THE DARK SIDE OF THE ARAB SPRING

Ed Blanche reports ‘There is still a long way to go to achieve democracy”.

Muammar Gaddafi is dead, put to death on 20th October 2011, by a Libyan mob howling for his blood to avenge more than four decades of his megalomaniacal madness.

Ali Abdullah Saleh of Yemen, another tyrant, narrowly survived an attempt to blow him up in his own palace in Sana’a on June 3rd, but was forced to step down on 27 February.

Hosni Mubarak, Egypt’s latter day Pharaoh, forced to relinquish power on 11th February 2011, is facing a probable death sentence at a Cairo trial, which he attends on a sickbed inside a cage, accused of mass murder and three decades of corruption.

These three former Arab strongmen, who once seemed so invincible and untouchable, were all bought down by the convulsions of the so called Arab Spring that erupted in Tunisia in January 2011, and is now threatening to topple President Bashar Assad of Syria as well. The man-in-the-street uprisings of the Arab Spring have been hailed as ushering in a new democracy in a region long under the heel of tyrannical regimes, kept in power by the Americans and the region’s former colonial powers for strategic purposes throughout the Cold War and the Pax Americana that followed.

But regime change, as the fate of this once-un-assailable leader has shown, is a risky, and usually messy, business. One of the more sinister aspects of the dictator-toppling Arab Spring is the marked increase in the number of executions in the Middle Eastern states, which many see as intended to stifle that same dissent.

In spite of a “significant reduction” in the number of countries that have the death penalty, Amnesty International (AI) reported a sharp increase in executions in the region. ‘The escalating use of the death penalty in the Middle east is seen as a tactic by the authorities to spread fear among dissidents in order to prevent them from participating in pro-democracy movements”, Britain’s liberal daily, the Guardian observed.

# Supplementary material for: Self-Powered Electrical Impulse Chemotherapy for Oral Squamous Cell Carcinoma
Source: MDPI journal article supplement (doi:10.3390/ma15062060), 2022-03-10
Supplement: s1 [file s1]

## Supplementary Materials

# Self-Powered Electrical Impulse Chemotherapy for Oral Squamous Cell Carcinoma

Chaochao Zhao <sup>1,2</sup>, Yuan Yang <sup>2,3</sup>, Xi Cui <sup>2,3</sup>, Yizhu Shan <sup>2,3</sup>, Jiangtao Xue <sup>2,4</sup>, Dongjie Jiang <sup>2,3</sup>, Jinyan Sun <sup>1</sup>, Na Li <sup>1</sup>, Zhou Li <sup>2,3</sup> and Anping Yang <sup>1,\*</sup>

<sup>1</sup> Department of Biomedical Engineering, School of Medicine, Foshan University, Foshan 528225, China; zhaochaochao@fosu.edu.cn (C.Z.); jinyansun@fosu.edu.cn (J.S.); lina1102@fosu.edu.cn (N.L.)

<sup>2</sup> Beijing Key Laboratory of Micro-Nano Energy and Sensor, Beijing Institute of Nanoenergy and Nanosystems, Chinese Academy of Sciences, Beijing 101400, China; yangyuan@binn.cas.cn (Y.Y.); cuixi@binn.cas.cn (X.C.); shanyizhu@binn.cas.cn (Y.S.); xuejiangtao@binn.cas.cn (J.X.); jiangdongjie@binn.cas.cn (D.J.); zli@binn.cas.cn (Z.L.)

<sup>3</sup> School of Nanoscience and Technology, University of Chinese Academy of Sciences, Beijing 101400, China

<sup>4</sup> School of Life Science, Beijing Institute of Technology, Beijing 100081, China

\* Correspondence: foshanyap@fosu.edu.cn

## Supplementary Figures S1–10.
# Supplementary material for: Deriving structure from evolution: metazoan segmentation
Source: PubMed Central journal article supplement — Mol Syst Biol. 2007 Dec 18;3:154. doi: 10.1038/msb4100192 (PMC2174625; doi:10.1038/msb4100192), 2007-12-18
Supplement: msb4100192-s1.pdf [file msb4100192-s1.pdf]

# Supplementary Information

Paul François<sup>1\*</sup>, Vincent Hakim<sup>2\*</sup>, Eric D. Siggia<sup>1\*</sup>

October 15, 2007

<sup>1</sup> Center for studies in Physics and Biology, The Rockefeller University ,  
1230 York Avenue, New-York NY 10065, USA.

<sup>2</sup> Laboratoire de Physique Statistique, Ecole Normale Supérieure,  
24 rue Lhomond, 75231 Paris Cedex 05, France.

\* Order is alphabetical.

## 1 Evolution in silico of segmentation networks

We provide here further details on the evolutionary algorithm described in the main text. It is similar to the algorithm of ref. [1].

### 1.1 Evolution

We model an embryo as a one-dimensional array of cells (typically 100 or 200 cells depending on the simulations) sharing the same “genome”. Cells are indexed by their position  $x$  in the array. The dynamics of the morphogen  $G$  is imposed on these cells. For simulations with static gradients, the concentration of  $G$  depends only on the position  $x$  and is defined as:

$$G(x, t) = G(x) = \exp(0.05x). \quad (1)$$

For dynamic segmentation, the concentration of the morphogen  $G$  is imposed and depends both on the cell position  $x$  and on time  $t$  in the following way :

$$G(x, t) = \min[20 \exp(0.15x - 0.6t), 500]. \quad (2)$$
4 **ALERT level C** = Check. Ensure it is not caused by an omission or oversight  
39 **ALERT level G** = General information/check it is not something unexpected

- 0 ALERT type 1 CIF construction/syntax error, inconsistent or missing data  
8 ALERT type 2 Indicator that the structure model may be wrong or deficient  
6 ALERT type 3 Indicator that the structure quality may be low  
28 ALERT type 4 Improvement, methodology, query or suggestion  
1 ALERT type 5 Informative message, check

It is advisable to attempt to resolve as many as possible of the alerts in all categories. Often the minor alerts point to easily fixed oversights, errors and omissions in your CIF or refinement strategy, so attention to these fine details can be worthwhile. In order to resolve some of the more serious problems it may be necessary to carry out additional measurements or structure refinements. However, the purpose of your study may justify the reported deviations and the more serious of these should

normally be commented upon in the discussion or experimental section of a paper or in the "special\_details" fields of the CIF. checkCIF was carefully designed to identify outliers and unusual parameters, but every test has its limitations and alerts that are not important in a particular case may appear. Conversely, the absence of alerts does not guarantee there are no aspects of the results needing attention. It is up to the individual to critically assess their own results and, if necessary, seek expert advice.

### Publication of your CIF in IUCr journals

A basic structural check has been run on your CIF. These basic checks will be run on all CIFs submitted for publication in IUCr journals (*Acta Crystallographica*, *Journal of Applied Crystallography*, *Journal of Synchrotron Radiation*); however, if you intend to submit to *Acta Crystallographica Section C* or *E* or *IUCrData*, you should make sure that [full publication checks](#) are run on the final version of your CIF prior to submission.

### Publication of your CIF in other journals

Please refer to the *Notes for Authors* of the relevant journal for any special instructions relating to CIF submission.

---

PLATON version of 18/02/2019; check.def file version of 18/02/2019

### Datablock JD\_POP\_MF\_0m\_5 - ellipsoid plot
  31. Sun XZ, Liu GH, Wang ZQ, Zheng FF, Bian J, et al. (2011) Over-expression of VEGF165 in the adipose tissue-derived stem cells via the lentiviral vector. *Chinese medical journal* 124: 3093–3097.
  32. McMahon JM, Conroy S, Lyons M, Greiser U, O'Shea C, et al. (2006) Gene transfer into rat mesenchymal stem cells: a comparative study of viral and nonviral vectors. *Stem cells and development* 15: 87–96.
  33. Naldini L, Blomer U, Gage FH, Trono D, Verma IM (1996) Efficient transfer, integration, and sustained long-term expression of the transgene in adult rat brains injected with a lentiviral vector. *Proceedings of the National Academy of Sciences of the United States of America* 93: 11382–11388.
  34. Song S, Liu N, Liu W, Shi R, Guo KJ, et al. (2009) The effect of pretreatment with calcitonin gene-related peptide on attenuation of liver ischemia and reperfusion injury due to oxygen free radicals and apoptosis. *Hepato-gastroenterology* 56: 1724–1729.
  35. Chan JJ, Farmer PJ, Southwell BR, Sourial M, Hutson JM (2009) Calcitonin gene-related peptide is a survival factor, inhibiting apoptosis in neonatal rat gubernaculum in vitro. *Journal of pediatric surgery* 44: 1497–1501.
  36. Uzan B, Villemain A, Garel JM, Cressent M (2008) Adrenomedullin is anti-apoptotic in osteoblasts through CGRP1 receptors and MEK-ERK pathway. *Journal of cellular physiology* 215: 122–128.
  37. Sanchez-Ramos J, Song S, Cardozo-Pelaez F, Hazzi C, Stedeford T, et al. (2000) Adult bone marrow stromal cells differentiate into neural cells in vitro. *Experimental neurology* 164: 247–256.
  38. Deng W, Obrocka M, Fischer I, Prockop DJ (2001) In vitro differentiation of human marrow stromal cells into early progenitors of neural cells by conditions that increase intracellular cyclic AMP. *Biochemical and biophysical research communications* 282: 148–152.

AI said that at least 676 judicial executions are known to have been carried out around the world in 2011, excluding China- where there are reportedly thousands every year- up from 527 a year earlier.

Confirmed executions in the Middle East increased by almost 50% in 2011 to 558, Amnesty noted in its annual report on the death penalty. More than half of the global total were conducted in Iran, which carried out 360 known executions, compared to at least 252 in 2010.

AI said there were 253 reported executions in the first six months of 2011, with credible evidence that as many as 274 unreported judicial killings, including mass hangings, were carried out in secret in the Islamic Republic last year.

The sharp rise in the number of executions reported in Iran has raised suspicions that the Tehran regime has, in the words of British international affairs official, Simon Tisdall, “embarked on a judicial killing spree” to intimidate it’s many opponents.

Human rights organisations say this underlines the alarm within the regime that Iran could be infected by the wave of pro-democracy uprisings that has toppled four dictators across the Arab world in less than a year.

A longer version of this article appears in the print edition of The Middle East magazine.